NZ On Air (via Government allowance) fund the Able Trust $1.9m to provide captioning for some programmes. (240 hours per week in 2011, 250 hours in 2014). Able do a great job and have managed to increase the captioning embracing technology. The pick up however is glacially slow in this fast moving world. Without a requirement for broadcasters to caption, they choose to hide hide behind the funding model rather than accept a responsibility for accessibility and take a leadership position themselves.

In Australia and the UK, legislation is in place requiring captioning (and in the UK signing and Audio description). There, Broadcasters, both free to air and subscription TV routinely exceed their quotas. They are required to provide the captioning. It’s a cost of business. Captioning is not funded by the government. The US passed captioning legislation years ago and are strengthening legislation, something that will benefit many globally as more captioned content becomes available online. It seems that inclusion via captioning is expected in these countries.

Captions cost a mere fraction of the production cost for an advert or a web series or full length film or a mini series or a one off documentary or to license a programme. Include captioning cost when budgeting for the programme. License the subtitles/captions produced in other countries when purchasing the programme rights.

Why is it acceptable that programmes made with NZ On Air funds are allowed to be screened without captioning? Some of these programmes receive huge funding. Even programmes made with NZ On Air funds and shown on TV with NZ On Air funded captions are made available online without them! The Brokenwood Mysteries, received in excess of $4m NZD for 8 hours worth of programming. Shown on Sky owned Prime TV, without captions.

There’s an upside to businesses of course from captioning. My kids will tell you which companies caption their TV advertisements – guess what? That advertisers product message got further. Annabel doesn’t have a clue what the little yellow stick figure from PakNSave is trying to tell you on that advert, he or she is pretty hard to lip read! Able New Zealand will caption a TV commercial for $200!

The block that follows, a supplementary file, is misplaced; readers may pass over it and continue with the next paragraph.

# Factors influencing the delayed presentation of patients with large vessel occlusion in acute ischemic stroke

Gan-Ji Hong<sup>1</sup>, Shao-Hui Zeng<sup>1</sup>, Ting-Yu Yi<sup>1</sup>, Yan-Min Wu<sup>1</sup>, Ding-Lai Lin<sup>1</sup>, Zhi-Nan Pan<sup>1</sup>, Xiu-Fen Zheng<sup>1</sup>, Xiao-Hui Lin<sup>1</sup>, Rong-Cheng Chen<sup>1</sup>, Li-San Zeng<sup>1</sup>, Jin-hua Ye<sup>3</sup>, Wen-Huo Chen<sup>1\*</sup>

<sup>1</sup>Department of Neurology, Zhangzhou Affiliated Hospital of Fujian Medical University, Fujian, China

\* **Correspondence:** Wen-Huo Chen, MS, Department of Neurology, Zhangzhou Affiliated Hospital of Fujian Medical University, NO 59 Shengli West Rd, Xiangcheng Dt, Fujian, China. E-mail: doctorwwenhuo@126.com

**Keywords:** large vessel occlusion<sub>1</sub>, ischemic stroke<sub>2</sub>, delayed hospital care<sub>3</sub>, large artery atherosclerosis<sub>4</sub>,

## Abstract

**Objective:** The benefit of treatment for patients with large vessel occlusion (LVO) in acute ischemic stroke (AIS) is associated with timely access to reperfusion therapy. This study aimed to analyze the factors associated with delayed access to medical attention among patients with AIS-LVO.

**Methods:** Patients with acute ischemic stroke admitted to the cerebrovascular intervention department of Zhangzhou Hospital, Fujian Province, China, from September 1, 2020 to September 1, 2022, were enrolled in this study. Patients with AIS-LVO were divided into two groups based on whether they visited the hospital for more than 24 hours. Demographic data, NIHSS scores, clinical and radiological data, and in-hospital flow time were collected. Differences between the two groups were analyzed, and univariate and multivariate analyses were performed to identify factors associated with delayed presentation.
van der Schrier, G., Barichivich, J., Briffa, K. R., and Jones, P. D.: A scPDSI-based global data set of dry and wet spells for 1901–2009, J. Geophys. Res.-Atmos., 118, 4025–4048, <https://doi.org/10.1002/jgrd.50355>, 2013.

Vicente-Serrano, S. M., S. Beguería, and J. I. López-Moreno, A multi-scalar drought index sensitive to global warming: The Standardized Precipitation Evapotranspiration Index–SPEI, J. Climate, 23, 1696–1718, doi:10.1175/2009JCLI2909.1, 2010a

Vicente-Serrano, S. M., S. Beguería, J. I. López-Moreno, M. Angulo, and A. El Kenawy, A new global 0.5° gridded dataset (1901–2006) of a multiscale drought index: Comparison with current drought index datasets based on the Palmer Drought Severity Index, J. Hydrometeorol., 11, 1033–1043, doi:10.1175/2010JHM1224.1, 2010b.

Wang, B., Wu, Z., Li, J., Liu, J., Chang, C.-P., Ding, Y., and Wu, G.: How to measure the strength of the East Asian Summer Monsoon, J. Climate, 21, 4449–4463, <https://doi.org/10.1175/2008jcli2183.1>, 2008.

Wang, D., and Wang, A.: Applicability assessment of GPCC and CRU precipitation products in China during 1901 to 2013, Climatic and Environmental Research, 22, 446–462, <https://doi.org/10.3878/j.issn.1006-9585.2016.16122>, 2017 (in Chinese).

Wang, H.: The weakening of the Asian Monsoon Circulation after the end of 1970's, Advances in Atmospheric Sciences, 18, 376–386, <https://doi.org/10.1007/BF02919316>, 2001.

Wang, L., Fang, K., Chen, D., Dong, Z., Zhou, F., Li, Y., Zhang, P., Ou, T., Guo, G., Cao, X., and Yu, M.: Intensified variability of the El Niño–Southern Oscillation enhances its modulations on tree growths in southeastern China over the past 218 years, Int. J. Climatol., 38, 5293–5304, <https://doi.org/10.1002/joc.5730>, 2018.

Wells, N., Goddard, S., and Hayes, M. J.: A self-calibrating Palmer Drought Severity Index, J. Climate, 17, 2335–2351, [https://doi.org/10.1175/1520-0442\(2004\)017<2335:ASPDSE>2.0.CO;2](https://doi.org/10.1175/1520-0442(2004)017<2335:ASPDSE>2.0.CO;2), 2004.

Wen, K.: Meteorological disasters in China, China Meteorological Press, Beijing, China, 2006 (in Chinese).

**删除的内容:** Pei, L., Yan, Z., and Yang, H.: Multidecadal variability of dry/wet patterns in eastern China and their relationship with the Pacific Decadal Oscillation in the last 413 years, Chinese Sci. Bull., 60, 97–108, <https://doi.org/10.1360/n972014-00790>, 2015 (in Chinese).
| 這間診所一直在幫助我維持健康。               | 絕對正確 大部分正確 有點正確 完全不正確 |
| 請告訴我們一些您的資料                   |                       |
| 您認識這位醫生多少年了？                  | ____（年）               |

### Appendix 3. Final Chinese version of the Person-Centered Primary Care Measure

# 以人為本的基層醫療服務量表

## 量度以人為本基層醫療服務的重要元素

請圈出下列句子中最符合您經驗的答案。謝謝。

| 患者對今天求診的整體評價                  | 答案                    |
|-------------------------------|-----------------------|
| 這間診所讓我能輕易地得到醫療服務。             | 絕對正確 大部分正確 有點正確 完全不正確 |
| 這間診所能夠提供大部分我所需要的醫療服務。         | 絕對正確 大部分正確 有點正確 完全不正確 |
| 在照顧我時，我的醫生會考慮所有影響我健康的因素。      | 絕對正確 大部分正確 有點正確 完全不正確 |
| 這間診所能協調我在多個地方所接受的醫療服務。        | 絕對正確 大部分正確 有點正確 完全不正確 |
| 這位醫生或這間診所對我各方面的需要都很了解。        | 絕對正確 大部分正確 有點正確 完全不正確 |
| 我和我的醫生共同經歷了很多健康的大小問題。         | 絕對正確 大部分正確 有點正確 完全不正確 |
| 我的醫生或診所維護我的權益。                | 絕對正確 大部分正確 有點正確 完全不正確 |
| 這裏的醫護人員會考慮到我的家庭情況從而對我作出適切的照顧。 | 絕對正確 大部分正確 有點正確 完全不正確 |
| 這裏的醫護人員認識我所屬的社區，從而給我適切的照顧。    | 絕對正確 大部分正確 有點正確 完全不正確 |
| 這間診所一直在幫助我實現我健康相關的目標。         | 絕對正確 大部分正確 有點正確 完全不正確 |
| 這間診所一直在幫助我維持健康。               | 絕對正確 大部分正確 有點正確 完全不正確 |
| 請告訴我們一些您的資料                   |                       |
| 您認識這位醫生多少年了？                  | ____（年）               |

Change takes time, but with children, perhaps more than most, every day is a learning opportunity. Its precious.

Every day Annabel misses captioning at school or at home, it re-inforces to her inner voice that lack of inclusion is ‘OK’. Well its not.

There are thousands of New Zealanders who would benefit from more captioning. My daughter is just one of them. My mum is another. And heh, one day, I too will probably need them as I hope to live to a ripe old age. As will many politicians. But perhaps thats the problem with ‘disability’, people think it won’t impact me. Think again. For businesses, there are customers out there, waiting to be reached. Want youR youtube clip to go viral? Get captioning? Want your tourist message to reach more tourists? Get Captioning? Want to help your visual learner, learn to read, turn your captions on!

So, its not just about the cricket at all. Its about access, inclusion, education, entertainment, information. Video use is spreading. Cisco predict that by 2018, video will account for an unprecedented 84% of the web.

So back to the cricket.

I wish the Black Caps all the very best in the Cricket World Cup.

The ICC posters say greatness is contagious. Guess what? Good captions are too.

Annabel wrote to PM last year about captioning. Her class did the same. You may find her perspective interesting in this blog.


Sevens Crowd Cheers
Image [New Zealand Sevens team holding Sevens cup following success in Wellington. Caption reads ‘Crowd Cheers’. US Flag flies in background, courtesy One News, Captioning by Able]

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  1. Pingback: Building an inclusive New Zealand requires ALL of us to play our part. Access to information is a human right. | We Need Words October 20, 2015

    […] This is a bigger issue than Sport. In March I wrote that “it’s not just about the cricket” (which wasn’t captioned) “its about access, inclusion, education, entertainment, information.” […]